The 80/20 rule, or Pareto principal, is one of the most common management strategies to help people focus on what’s important and get more done. Simply stated in terms of productivity, the 80/20 rule says that 80 percent of results come from just 20 percent of your effort (and, conversely, that 80 percent of your effort affects just 20 percent of your results). Today I ask: How can you apply the 80/20 rule to your personal finances?
The 80/20 Rule And Your Budget. I’m not going to try to propose a model that suggests everybody spends 80 percent of their money in certain areas. Everybody’s budget is different, and any attempts to generalize could be quickly disproven. I will suggest, however, that when we try to trim our budget, we should look at the categories in which we spend the biggest dollar amounts. Those areas are our 80 percent.
(Here’s a hint: Those categories may not be your daily coffee or lunches out—areas in which we’re often told are the easiest places to cut back). Often times, making cuts to those small expenses is not easy. We miss those little indulgences in life. Yet despite our sacrifices, we’re only hacking away at the 20% of our budget. We’re being penny wise and pound foolish.
Now let’s look at the 80 percent. Our big spending categories probably include housing, transportation, and debt (if you have it). So think for a moment: Are there ways you can cut back in these areas? For example:
- Take on a roommate and cut your rent or mortgage in half
- Carpool and cut your gas/tolls/parking in half
- Consolidate or pay off that debt now to lower or eliminate interest
Granted, these steps may be bigger sacrifices than learning to pack a bag lunch (so perhaps the trade off is not precisely 80/20). These steps, however, can result in big monthly savings, fast! I’m not suggesting you should slack off on trimming the fat in your budget anywhere you can find it; but I am reminding you to make sure you’re not ignoring any big, big pieces you could slash off!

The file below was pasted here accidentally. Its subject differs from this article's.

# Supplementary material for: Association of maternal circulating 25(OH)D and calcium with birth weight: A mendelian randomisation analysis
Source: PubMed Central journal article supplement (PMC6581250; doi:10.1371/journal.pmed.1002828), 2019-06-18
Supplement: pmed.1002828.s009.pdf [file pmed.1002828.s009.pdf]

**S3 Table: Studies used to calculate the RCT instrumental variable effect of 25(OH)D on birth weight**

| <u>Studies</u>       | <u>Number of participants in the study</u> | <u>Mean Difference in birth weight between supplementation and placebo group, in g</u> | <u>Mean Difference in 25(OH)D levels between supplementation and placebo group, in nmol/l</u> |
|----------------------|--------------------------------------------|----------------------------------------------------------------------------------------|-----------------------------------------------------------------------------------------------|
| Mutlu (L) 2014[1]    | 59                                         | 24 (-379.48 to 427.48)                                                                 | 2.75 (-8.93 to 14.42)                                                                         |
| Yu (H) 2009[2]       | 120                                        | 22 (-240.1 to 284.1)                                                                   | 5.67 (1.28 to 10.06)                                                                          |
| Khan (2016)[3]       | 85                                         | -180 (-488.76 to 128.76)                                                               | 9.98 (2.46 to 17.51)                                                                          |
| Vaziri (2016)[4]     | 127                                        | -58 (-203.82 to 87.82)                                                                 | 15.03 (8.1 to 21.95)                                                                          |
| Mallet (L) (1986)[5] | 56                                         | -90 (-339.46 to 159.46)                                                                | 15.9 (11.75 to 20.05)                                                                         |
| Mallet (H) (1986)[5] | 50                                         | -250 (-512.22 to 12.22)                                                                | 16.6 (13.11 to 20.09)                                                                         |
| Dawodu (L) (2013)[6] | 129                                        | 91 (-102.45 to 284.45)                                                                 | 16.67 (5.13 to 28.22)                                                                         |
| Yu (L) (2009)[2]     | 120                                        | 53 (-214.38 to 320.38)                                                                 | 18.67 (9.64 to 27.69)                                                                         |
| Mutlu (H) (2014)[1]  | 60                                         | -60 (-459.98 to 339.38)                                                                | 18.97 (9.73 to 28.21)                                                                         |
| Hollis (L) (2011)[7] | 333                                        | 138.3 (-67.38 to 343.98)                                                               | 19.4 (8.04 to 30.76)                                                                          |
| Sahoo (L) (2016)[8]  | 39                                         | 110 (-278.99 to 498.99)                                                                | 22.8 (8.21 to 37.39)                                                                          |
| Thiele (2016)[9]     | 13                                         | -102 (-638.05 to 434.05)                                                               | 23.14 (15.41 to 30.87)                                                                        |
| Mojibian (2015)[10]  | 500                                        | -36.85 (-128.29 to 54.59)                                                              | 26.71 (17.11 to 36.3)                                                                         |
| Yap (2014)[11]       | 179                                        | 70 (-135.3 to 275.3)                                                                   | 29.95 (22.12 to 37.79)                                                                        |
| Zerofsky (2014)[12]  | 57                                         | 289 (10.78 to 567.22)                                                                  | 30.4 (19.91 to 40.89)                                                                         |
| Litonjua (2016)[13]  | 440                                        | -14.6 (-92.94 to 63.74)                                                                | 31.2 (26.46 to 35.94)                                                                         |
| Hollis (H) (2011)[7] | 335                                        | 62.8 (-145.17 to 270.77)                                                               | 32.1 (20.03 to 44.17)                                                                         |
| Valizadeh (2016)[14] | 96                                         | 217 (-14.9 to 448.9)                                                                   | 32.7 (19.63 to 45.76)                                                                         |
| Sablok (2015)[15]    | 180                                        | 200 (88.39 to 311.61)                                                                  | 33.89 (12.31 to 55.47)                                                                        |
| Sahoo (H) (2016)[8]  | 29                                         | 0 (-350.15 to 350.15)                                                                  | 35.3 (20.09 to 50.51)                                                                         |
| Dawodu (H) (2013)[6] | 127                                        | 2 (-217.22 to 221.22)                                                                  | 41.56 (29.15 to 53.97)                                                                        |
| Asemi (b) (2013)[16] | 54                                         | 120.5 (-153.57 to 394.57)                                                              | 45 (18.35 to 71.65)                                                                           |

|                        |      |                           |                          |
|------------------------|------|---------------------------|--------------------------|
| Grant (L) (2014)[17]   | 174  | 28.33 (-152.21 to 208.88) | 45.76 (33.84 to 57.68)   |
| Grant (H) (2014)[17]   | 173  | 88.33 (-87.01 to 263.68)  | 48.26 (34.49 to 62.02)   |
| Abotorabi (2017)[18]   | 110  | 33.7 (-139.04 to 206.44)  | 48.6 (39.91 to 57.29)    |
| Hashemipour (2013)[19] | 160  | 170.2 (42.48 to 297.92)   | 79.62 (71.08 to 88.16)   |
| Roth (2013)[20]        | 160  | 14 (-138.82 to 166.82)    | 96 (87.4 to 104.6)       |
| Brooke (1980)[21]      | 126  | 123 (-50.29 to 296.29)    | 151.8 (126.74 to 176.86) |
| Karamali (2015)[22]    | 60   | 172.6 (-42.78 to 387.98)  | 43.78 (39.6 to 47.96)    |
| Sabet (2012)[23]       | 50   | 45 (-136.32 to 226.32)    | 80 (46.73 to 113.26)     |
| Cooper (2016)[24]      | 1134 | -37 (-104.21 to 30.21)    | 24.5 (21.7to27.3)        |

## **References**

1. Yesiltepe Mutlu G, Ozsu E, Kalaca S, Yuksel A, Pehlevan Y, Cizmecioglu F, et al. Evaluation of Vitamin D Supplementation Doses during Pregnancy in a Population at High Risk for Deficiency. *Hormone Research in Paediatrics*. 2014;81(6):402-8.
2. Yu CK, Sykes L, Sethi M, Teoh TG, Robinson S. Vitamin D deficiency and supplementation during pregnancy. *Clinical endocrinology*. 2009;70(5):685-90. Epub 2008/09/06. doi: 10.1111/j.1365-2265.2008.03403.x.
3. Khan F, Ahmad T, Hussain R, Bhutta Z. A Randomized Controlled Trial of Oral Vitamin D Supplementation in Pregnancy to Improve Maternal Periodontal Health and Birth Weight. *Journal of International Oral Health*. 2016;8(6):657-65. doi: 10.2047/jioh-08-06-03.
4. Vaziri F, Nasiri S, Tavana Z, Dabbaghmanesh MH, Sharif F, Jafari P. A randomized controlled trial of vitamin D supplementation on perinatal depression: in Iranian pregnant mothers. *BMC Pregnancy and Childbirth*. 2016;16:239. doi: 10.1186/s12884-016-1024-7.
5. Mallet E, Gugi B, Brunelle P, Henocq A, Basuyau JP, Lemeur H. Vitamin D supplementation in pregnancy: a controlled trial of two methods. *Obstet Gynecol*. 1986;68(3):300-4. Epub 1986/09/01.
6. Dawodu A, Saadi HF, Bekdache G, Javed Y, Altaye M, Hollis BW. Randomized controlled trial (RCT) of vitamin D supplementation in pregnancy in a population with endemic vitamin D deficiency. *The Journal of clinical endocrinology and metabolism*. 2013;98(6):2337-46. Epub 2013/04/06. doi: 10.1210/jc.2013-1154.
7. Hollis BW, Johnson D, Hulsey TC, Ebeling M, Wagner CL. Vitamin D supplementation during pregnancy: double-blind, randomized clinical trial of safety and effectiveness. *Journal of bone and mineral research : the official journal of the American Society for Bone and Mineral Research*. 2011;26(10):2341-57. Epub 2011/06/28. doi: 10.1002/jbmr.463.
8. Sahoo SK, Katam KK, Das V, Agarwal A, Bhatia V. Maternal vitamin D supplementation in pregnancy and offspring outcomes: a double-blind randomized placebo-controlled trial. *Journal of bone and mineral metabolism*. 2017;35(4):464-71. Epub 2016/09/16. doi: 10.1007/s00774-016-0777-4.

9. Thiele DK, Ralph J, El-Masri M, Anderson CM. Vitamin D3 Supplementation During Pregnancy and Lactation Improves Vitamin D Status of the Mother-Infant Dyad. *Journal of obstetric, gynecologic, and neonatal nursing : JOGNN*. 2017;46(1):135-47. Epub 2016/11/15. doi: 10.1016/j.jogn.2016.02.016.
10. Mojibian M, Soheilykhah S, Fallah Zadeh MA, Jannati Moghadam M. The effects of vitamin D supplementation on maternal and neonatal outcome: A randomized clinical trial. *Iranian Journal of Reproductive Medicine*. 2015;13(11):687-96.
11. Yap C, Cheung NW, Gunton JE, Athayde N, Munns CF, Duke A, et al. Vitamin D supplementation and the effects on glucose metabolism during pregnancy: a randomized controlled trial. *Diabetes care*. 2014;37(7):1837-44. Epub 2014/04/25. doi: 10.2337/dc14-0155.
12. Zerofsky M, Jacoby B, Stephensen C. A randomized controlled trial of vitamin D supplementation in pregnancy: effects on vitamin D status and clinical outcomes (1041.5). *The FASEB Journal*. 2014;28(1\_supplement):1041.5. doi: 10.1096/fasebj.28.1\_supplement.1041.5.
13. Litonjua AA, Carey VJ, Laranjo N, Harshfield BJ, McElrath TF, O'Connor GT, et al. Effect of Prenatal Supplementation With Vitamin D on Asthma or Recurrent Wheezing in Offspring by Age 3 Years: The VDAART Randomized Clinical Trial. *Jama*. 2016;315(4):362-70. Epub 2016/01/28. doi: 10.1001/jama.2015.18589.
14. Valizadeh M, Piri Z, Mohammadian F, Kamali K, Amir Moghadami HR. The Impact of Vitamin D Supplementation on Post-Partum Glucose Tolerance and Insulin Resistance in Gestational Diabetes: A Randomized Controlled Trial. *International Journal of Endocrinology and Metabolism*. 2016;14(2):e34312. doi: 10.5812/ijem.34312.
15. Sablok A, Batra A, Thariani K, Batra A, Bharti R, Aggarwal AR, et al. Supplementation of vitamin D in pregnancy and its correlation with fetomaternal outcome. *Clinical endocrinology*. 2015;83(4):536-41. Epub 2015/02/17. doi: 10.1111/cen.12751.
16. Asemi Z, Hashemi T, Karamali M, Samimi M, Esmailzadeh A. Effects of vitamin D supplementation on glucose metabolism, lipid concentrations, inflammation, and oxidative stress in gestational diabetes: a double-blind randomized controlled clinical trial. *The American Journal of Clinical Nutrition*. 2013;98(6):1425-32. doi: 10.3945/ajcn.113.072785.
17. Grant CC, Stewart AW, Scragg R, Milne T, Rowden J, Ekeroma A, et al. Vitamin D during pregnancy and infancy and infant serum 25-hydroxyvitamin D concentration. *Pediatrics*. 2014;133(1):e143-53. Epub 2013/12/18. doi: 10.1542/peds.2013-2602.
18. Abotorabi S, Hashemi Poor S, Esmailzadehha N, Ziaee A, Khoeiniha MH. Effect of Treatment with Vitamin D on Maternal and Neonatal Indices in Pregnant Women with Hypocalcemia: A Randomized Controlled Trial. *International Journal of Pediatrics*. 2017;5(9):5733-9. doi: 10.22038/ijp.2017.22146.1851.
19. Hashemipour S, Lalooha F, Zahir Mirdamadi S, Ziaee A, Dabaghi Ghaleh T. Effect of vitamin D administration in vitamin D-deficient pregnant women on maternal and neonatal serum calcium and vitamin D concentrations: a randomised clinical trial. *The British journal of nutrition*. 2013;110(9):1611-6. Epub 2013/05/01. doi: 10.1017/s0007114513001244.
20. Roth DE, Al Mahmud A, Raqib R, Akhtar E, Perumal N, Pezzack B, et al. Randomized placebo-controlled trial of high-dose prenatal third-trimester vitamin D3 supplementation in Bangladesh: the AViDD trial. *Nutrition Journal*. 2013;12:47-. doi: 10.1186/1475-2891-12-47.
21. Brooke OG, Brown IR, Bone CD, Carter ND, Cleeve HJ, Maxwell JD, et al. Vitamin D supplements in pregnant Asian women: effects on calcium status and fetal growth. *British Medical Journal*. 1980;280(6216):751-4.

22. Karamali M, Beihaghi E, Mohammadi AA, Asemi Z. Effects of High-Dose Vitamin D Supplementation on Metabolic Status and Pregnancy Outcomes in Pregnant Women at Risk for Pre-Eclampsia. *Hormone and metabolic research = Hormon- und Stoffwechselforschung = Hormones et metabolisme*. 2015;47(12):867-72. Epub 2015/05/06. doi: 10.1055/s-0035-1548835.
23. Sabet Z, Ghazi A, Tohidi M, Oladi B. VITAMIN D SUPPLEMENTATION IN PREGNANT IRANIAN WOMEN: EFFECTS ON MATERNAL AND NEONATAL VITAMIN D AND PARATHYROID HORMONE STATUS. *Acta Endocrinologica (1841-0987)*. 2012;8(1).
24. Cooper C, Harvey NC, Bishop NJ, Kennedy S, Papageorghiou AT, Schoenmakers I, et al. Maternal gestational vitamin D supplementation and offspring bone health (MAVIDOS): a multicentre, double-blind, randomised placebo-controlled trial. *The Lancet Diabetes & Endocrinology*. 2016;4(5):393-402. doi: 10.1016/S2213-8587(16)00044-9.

The 80/20 Rule And Your Decisions. I read somewhere that “20 percent of your financial decisions results in 80 percent or your financial results”. That makes sense to me: Say you decide to finance the purchase of a new car at a high interest rate for four years rather than continuing to drive you beater and save that money. That’s one decision that could mean a swing of $10,000 (or much more) in your net worth.
The 80/20 Rule And Investing. I think this principal can definitely apply to investing, too—especially for any amateurs trying to trade their way to better returns. When it comes to investing, I think it’s safe to say that 20 percent of the effort you spend on deciding where to invest will yield 80 percent of your returns. And do you know where those returns will come from? Boring old index funds, blue chips, and low-fee mutual funds that track the market. Of course, you can save that extra 80 percent of effort by doing what I’ve always recommended: ignore the market.
What about you? Can you think of other examples of how the 80/20 rule can be applied to personal finances?
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